What are you working on currently? What may we anticipate in the near future?

On January 1, 2024, I finished my deanship at the Amsterdam Law School, and started in a new position as University Professor of International Law and Sustainability.  This is an exciting, newly created position at the level of the University rather than the faculty of law. In this new role, I will continue to research and write on international law aspects of global sustainability challenges but will also seek to forge interdisciplinary cooperation on climate change and other sustainability challenges. My research agenda will be flexible. For starters, I will finish an English translation of my Dutch textbook on international law (now in its 9th edition in Dutch) and work towards a new edition of my 2011 book on National Courts and the international Rule of Law. But apart from that, I have set three priorities. One is the development of international legal scholarship on the protection of animals, in the context of problems of climate change, biodiversity and environmental pollution. My recent piece in EJIL on International law and the agony of animals was a primer of the work that I will do on that topic. The second priority is to pick up and develop my work on shared responsibility, that inevitably was a bit dormant during my deanship, in relation to sustainability challenges In 2024 I hope to complete a new monograph on shared responsibility for global environmental harm. The third priority, that in terms of time will be the most important one, is that in my new role I will forge interdisciplinary cooperation within the University of Amsterdam as a whole in relation to climate change and related sustainability challenges. This path is a natural extension of my work on complex responsibility. For understanding what caused particular types of harm, and what can be done to address such harm, law is only one small cog in the machine. Knowledge on such diverse topics as responsible consumption, finance, social psychology, communication, computational science, and sustainable chemistry are all key to understand the systemic nature of the problems, and what is needed to move to systemic change at a global level. This is an exciting line of research that will also lead to new forms of publications – for legal and non-legal audiences.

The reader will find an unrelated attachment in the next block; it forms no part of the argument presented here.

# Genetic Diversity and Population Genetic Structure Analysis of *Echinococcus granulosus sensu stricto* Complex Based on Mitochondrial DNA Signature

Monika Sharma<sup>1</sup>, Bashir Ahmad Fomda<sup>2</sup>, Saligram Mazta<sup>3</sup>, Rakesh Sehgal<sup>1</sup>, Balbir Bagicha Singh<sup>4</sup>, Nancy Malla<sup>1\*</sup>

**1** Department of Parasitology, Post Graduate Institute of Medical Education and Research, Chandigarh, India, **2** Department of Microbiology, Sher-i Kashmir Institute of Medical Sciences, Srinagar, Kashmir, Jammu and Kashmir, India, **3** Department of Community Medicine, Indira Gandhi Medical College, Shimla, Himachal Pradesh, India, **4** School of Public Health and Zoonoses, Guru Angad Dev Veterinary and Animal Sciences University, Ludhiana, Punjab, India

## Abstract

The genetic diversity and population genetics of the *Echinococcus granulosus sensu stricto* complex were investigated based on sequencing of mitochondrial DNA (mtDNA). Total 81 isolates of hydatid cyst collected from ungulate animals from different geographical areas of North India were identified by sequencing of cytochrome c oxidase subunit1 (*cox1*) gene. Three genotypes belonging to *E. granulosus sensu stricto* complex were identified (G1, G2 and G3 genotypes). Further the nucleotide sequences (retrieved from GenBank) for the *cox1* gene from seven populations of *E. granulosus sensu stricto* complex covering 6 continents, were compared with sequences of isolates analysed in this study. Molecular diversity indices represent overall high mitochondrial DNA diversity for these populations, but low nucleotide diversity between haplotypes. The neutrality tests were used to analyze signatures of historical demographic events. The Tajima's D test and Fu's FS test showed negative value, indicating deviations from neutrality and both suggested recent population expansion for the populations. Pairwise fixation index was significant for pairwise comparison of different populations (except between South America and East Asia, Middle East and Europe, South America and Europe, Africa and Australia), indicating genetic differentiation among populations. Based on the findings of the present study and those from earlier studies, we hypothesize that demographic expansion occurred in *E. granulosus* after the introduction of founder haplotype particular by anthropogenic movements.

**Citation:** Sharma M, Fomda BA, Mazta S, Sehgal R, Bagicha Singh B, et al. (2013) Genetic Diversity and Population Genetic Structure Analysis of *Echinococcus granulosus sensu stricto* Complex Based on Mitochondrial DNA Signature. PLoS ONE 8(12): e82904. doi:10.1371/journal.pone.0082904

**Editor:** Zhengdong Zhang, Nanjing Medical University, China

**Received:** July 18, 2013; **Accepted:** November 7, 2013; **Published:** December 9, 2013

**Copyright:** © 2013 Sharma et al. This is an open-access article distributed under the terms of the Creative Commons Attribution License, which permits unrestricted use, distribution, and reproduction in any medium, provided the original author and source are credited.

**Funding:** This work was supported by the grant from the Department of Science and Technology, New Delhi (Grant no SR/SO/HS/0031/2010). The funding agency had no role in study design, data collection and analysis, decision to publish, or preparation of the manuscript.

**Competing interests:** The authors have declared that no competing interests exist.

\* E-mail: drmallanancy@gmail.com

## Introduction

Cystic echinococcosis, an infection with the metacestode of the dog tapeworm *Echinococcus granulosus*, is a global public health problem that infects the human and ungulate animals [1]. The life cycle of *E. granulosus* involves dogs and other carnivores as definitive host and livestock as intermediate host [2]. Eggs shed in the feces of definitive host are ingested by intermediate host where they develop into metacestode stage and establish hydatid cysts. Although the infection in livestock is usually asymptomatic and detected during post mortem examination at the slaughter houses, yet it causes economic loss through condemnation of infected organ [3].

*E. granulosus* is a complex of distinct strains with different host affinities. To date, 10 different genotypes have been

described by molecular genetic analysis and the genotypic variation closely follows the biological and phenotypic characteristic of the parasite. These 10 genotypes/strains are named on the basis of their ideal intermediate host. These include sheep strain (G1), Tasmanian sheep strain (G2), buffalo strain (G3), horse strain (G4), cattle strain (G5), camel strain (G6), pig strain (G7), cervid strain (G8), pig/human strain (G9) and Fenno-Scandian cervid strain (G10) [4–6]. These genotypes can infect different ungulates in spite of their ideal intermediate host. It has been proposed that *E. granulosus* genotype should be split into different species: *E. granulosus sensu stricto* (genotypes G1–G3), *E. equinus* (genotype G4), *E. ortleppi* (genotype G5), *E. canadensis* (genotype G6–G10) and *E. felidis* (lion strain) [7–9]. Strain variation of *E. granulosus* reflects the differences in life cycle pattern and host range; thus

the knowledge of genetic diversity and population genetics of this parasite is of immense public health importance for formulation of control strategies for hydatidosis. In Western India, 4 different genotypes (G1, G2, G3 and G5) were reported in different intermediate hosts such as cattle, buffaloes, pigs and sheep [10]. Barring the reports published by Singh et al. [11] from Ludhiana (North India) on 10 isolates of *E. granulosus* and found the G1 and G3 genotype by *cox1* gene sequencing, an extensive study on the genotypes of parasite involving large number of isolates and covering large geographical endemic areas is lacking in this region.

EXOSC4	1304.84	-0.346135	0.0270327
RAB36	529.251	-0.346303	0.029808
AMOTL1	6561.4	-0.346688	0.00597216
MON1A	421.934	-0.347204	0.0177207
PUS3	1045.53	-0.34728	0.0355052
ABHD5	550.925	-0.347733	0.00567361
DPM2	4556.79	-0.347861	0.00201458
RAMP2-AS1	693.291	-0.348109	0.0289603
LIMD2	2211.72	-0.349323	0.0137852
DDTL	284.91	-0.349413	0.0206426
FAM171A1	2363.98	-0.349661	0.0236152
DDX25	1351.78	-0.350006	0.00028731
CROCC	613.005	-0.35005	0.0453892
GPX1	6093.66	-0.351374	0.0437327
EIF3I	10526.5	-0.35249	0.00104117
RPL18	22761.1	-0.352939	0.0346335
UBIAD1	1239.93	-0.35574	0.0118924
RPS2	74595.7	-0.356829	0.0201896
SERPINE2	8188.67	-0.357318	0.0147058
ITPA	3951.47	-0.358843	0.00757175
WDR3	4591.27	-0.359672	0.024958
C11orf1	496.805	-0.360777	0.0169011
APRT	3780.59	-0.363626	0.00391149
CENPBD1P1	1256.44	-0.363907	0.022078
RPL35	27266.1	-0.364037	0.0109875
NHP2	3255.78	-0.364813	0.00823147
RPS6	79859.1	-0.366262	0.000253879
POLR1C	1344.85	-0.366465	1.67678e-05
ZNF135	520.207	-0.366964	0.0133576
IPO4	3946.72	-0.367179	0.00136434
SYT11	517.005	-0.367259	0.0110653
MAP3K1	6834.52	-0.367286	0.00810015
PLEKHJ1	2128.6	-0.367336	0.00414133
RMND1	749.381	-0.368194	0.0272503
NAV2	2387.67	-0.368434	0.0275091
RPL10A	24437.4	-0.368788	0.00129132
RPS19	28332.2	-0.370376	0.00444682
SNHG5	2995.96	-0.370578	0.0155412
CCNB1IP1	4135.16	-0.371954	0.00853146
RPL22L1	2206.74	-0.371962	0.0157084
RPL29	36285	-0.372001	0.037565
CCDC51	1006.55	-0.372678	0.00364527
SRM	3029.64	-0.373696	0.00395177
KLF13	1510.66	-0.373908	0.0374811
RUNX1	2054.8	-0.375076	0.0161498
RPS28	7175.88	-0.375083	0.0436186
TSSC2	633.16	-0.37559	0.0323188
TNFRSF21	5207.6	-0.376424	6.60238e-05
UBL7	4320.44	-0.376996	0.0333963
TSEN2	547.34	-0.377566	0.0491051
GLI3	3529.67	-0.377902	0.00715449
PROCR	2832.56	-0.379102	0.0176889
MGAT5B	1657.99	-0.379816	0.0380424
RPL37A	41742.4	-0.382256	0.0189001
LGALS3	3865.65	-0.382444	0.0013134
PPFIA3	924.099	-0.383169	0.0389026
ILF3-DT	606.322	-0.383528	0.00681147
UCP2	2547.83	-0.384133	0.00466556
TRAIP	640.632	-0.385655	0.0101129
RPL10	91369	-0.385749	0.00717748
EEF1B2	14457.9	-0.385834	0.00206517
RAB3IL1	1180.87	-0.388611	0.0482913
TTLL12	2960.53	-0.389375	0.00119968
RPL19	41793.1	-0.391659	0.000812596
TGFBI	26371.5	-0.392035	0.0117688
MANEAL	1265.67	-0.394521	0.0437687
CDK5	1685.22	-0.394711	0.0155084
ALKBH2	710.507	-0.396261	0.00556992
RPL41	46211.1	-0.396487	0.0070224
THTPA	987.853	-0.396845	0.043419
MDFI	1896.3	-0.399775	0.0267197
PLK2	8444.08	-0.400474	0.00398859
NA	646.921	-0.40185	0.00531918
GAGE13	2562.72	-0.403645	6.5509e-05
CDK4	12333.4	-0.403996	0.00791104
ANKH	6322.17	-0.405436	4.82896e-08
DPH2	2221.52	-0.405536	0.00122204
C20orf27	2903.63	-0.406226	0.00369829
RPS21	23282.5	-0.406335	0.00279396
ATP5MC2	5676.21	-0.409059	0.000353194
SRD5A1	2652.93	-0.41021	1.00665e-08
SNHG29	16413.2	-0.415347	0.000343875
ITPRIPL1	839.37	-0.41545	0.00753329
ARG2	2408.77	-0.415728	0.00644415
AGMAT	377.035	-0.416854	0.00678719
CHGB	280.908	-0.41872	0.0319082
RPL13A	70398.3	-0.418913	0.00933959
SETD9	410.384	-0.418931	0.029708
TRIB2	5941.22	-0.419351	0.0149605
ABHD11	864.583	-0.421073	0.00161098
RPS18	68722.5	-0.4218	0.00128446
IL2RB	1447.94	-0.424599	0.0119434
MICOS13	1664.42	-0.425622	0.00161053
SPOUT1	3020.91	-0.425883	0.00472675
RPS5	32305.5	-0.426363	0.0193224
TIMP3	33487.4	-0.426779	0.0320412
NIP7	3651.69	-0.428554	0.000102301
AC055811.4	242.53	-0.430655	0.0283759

All these seem particularly interesting and I look forward to seeing the publications and other outcomes of these projects!

Thank you very much Prof. Nollkaemper for participating in our symposium and for having taken the time to respond to our questions!

André Nollkaemper

André Nollkaemper is University Professor International Law and Sustainability at the University of Amsterdam. He is member of the Institute du Droit International Law and the Royal Academy of Sciences of the Netherlands, and former President of the European Society of International Law.

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Spyridoula (Sissy) Katsoni
Spyridoula (Sissy) Katsoni is a Ph.D. Candidate and Research Associate at the Institute for International Law of Peace and Armed Conflict (IFHV), Ruhr-University Bochum. She is a Managing Editor of Völkerrechtsblog.